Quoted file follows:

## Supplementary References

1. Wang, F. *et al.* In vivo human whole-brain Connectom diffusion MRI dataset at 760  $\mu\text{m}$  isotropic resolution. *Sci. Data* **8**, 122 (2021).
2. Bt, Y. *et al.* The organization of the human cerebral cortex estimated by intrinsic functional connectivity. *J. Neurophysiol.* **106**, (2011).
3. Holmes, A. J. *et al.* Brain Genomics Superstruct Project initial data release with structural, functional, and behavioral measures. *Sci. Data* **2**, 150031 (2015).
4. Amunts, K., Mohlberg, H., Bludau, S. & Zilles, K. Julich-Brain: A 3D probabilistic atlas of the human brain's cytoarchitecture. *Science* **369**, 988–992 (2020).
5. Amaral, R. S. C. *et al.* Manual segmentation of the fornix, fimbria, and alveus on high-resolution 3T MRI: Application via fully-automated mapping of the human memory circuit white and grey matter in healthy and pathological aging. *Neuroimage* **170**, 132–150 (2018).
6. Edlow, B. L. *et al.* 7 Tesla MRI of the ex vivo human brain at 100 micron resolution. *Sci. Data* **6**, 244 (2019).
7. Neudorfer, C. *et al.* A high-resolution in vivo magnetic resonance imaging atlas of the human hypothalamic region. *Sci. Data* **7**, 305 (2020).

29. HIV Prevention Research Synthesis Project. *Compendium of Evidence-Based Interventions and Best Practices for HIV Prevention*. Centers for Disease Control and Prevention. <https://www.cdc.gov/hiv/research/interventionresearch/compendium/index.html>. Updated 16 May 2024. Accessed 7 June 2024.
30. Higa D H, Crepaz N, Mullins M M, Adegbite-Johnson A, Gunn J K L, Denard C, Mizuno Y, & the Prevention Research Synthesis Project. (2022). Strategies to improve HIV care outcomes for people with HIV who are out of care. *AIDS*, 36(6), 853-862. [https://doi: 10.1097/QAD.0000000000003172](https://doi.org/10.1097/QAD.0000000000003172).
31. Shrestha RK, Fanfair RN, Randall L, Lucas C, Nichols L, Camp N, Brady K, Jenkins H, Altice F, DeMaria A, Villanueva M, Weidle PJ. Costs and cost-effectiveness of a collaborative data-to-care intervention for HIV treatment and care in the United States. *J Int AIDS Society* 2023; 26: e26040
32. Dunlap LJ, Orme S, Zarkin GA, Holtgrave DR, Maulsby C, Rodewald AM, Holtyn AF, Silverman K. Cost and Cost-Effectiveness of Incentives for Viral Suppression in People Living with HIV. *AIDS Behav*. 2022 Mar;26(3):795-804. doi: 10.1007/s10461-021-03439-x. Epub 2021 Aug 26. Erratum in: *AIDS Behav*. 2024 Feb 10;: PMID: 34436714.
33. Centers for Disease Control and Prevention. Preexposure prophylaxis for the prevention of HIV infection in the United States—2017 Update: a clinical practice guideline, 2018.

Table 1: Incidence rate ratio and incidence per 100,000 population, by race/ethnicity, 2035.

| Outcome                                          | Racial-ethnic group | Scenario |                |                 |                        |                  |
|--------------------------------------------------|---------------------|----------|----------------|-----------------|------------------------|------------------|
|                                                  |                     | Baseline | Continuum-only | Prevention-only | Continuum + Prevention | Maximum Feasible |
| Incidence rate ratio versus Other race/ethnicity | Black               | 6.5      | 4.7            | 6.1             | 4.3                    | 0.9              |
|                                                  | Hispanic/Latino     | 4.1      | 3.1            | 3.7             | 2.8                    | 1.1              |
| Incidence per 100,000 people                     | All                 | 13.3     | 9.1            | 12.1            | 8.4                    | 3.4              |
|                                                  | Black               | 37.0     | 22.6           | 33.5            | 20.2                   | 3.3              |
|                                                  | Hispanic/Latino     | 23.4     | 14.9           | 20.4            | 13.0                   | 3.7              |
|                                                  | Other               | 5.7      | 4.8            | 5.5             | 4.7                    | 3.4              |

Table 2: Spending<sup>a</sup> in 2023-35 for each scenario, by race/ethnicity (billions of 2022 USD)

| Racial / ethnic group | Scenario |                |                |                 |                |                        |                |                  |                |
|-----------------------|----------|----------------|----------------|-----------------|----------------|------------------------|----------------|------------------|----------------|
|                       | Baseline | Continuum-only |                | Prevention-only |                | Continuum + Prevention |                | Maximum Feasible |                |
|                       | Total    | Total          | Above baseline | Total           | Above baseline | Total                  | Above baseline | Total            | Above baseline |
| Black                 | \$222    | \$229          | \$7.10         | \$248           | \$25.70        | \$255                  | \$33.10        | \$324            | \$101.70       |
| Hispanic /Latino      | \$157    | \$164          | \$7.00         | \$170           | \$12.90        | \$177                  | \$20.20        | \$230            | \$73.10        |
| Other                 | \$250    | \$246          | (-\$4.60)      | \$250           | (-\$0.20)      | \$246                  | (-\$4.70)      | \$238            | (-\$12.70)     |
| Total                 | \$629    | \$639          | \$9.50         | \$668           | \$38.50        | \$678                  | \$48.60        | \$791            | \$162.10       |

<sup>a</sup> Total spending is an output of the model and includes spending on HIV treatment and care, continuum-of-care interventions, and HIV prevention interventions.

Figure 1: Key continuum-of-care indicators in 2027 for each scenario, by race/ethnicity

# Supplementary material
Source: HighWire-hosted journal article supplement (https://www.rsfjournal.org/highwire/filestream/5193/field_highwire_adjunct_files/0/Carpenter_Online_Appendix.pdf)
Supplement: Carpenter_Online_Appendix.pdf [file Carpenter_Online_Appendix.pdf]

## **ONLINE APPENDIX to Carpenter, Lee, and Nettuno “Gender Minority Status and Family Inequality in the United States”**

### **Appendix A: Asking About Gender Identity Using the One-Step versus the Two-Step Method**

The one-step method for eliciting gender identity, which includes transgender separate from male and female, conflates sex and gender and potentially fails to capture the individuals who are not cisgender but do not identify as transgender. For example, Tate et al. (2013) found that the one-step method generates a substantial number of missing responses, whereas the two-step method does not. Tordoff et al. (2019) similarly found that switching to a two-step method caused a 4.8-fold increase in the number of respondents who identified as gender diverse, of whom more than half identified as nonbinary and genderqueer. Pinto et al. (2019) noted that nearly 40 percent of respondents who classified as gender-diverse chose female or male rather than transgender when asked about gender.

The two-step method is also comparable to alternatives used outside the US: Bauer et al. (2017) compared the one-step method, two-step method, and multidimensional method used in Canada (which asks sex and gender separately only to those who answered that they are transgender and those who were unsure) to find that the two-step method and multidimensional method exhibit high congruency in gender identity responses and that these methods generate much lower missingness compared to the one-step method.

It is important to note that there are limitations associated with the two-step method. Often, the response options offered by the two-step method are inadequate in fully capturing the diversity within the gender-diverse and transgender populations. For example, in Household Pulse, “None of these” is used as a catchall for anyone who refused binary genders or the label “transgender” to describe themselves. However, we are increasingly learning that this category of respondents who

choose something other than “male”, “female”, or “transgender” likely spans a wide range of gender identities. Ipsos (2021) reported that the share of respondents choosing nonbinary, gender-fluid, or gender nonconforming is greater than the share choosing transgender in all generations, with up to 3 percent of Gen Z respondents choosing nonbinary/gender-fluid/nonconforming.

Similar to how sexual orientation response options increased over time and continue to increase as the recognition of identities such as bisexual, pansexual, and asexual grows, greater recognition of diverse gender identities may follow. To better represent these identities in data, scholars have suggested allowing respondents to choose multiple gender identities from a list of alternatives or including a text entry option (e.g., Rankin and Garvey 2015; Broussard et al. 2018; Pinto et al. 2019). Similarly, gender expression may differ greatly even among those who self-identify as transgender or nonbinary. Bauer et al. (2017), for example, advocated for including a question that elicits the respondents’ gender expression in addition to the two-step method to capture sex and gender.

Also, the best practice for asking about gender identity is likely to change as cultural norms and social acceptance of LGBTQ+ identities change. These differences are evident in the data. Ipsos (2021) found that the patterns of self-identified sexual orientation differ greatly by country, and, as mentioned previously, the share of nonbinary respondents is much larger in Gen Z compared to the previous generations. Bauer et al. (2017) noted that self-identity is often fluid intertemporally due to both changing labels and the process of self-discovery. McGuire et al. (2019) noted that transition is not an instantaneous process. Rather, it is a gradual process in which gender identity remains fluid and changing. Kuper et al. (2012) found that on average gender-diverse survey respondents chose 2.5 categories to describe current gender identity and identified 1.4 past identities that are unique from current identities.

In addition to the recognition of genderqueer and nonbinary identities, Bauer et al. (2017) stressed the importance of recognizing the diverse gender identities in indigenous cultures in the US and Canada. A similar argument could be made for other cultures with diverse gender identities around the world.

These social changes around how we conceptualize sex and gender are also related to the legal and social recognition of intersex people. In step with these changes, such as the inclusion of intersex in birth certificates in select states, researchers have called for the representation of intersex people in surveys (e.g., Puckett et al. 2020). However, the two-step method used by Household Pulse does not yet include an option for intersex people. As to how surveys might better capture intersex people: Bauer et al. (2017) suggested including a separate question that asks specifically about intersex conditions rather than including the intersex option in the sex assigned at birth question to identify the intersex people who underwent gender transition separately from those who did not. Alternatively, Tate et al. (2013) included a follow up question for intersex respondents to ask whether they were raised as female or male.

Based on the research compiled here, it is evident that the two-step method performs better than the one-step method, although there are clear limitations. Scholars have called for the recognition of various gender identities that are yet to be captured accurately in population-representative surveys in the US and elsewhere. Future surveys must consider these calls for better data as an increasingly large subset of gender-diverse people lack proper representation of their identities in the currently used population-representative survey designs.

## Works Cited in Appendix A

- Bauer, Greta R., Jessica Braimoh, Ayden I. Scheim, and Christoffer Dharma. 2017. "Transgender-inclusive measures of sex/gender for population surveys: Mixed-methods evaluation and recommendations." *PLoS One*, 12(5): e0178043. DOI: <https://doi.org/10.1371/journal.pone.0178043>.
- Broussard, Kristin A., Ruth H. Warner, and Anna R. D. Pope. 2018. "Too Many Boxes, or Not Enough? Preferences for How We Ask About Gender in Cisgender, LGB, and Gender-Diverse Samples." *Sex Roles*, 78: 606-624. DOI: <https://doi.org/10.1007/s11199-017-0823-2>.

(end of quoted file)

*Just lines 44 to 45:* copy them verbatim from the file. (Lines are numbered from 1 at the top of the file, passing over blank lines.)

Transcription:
Similar to how sexual orientation response options increased over time and continue to increase as the recognition of identities such as bisexual, pansexual, and asexual grows, greater recognition of diverse gender identities may follow. To better represent these identities in data, scholars have suggested allowing respondents to choose multiple gender identities from a list of alternatives or including a text entry option (e.g., Rankin and Garvey 2015; Broussard et al. 2018; Pinto et al. 2019). Similarly, gender expression may differ greatly even among those who self-identify as transgender or nonbinary. Bauer et al. (2017), for example, advocated for including a question that elicits the respondents’ gender expression in addition to the two-step method to capture sex and gender.

Also, the best practice for asking about gender identity is likely to change as cultural norms and social acceptance of LGBTQ+ identities change. These differences are evident in the data. Ipsos (2021) found that the patterns of self-identified sexual orientation differ greatly by country, and, as mentioned previously, the share of nonbinary respondents is much larger in Gen Z compared to the previous generations. Bauer et al. (2017) noted that self-identity is often fluid intertemporally due to both changing labels and the process of self-discovery. McGuire et al. (2019) noted that transition is not an instantaneous process. Rather, it is a gradual process in which gender identity remains fluid and changing. Kuper et al. (2012) found that on average gender-diverse survey respondents chose 2.5 categories to describe current gender identity and identified 1.4 past identities that are unique from current identities.